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Internet-based surveys, although still in their infancy, are becoming increasingly popular because they are believed to be faster, better, cheaper, and easier to conduct than surveys using more traditional telephone or mail methods. Based on evidence in the literature and real-life case studies, this book examines the validity of those claims. The authorsd iscuss the advantages and disadvantages of using e-mail and the Web to conduct research surveys, and also offer practical suggestions for designing and implementing Internet surveys most effectively. Among other findings, the authors determined that Internet surveys may be preferable to mail or telephone surveys when a list of e-mail addresses for the target population is available, thus eliminating the need for mail or phone invitations to potential respondents. Internet surveys also are well-suited for larger survey efforts and for some target populations that are difficult to reach by traditional survey methods. Web surveys are conducted more quickly than mail or phone surveys when respondents are contacted initially by e-mail, as is often the case when a representative panel of respondents has been assembled in advance. And, although surveys incur virtually no coding or data-entry costs because the data are captured electronically, the labor costs for design and programming can be high.
Explaining the "whats," "whys," and "how-tos" of functional behavioral assessment, this practical and engaging book is packed with real-world tools and examples. Effective procedures are presented for evaluating challenging behavior in K 12 students, organizing assessment data, and using the results to craft individualized behavior support plans. The authors draw on extensive school-based experience to provide sample reports, decision trees, and reproducible checklists and forms all in a large-size format with lay-flat binding to facilitate photocopying. New to This Edition Revised throughout to reflect significant advances in the field. Provides an updated conceptual model for understanding behavior. Three new chapters cover brief functional analysis, behavior-analytic problem solving, and direct behavioral consultation. Fully updated coverage of legal issues under IDEIA. Includes revised forms and sample reports.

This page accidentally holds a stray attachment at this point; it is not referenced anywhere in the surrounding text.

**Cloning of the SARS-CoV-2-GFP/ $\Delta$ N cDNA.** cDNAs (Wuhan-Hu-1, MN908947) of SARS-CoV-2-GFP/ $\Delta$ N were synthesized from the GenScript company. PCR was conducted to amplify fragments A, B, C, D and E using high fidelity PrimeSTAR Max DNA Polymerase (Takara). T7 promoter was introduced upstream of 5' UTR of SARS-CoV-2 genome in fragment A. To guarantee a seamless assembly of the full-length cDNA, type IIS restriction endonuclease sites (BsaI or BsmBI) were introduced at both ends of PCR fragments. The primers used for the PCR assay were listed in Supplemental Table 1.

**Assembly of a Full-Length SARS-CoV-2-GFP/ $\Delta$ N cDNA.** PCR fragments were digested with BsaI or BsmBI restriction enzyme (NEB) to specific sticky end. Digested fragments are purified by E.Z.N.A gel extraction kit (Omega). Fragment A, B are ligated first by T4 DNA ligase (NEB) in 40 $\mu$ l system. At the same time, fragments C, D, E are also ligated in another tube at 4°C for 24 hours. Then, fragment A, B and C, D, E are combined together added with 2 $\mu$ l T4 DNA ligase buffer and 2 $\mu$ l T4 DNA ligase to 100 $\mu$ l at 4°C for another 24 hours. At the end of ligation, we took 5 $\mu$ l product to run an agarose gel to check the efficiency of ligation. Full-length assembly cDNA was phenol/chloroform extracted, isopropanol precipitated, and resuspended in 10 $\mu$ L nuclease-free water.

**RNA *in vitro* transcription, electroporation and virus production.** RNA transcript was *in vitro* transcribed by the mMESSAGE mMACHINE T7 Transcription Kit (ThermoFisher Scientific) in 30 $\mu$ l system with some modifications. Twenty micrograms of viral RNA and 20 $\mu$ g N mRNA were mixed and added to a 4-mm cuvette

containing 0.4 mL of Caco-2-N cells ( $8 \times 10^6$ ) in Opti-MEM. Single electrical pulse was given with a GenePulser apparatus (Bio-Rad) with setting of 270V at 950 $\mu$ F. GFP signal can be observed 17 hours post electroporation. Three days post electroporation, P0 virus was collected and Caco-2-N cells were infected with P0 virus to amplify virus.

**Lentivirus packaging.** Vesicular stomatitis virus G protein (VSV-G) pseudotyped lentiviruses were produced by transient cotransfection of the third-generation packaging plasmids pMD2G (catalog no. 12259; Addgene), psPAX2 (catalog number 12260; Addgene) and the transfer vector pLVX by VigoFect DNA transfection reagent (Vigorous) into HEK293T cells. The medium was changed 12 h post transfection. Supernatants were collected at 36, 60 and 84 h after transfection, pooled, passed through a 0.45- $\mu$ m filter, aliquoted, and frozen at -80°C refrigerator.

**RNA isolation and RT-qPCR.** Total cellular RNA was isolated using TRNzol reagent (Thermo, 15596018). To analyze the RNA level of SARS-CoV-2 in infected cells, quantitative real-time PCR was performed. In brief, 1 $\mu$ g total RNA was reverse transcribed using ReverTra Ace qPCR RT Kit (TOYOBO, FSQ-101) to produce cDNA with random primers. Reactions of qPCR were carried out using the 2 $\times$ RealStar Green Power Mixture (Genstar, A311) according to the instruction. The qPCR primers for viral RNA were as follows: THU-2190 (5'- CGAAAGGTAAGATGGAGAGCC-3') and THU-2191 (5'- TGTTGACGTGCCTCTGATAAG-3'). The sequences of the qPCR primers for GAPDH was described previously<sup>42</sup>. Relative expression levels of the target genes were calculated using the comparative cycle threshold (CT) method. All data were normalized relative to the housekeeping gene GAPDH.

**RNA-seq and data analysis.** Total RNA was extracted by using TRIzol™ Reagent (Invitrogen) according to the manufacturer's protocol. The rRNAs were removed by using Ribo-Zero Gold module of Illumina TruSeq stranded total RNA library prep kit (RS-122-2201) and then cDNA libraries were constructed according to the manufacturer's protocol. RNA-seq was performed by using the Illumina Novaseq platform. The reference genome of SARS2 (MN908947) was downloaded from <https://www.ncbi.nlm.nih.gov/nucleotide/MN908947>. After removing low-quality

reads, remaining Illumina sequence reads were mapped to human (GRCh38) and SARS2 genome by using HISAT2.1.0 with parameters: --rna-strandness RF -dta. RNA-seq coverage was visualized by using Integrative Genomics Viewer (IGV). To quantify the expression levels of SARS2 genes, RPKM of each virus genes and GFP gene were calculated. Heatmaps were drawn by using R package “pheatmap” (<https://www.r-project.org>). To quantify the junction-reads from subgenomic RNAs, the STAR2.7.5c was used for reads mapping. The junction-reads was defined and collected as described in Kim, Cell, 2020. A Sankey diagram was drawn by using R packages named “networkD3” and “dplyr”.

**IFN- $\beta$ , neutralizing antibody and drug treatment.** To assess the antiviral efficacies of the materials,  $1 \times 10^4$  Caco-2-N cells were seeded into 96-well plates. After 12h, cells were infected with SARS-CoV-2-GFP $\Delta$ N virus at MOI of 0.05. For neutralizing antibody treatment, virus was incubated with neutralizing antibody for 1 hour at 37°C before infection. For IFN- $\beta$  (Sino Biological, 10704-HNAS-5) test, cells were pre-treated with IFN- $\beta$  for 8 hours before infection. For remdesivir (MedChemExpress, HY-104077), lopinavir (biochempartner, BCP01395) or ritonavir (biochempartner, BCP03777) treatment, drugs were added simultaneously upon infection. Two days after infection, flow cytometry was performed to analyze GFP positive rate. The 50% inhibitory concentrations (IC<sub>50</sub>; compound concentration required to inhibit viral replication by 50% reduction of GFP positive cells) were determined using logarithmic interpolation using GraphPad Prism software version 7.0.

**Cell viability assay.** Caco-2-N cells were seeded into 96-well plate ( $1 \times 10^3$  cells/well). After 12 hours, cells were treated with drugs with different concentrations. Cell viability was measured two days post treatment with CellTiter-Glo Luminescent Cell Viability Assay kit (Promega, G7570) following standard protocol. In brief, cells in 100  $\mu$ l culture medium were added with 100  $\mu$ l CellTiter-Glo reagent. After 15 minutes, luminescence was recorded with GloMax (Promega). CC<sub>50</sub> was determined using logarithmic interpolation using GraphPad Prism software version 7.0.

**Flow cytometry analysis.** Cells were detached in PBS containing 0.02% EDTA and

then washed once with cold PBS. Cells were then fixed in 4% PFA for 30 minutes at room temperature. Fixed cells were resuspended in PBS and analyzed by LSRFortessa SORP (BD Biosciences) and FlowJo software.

Alexis Kandilis is an international conductor at the height of his profession. He receives standing ovations at every concert and wildly enthusiastic reviews from the media. Yet, on a personal level he is deeply unfulfilled. Mahler's haunting "Song on the Death of Children" plays over and over in his mind, bringing back ugly childhood memories he can't erase. A strange collection of not-quite-true friends and not really beloved family surrounds him: his mother, Clio, who forced him to abandon his dreams of composing for a more prestigious career as a conductor; his wife, Charlotte, whom he despises and frequently betrays; his bisexual friends Pavlina and Tatiana; Sacha, a young and talented Russian flutist; and Ted, his agent, who has booked#151;or overbooked#151;him for the next three seasons. They all provide some measure of reassurance, but it is easy to predict that Kandilis's glorious world will soon shatter. The media takes advantage of an altercation between Kandilis and a percussionist during a rehearsal to attack him, condemning not only his action but also his unorthodox methods. After a panic attack before a concert, he makes an unforgivable mistake during a performance, and as a result, he is denied the direction of the most prestigious performance of the decade. In his private life, things are also falling apart. Sacha introduces him to an exclusive poker club made up of multimillionaires, but his new rich friends begin to distance themselves from him as he becomes increasingly difficult, until even his manager recommends that he take some time off. Used to being a winner, Kandilis starts gambling #151; and losing #151; heavily. His disintegration accelerates, and at last he enters a psychiatric hospital. He still has some friends he can count on, but even the most loyal among them can't protect him against himself. On his descent into hell, he discovers but cannot avoid the darkness that is in all hearts, including his own.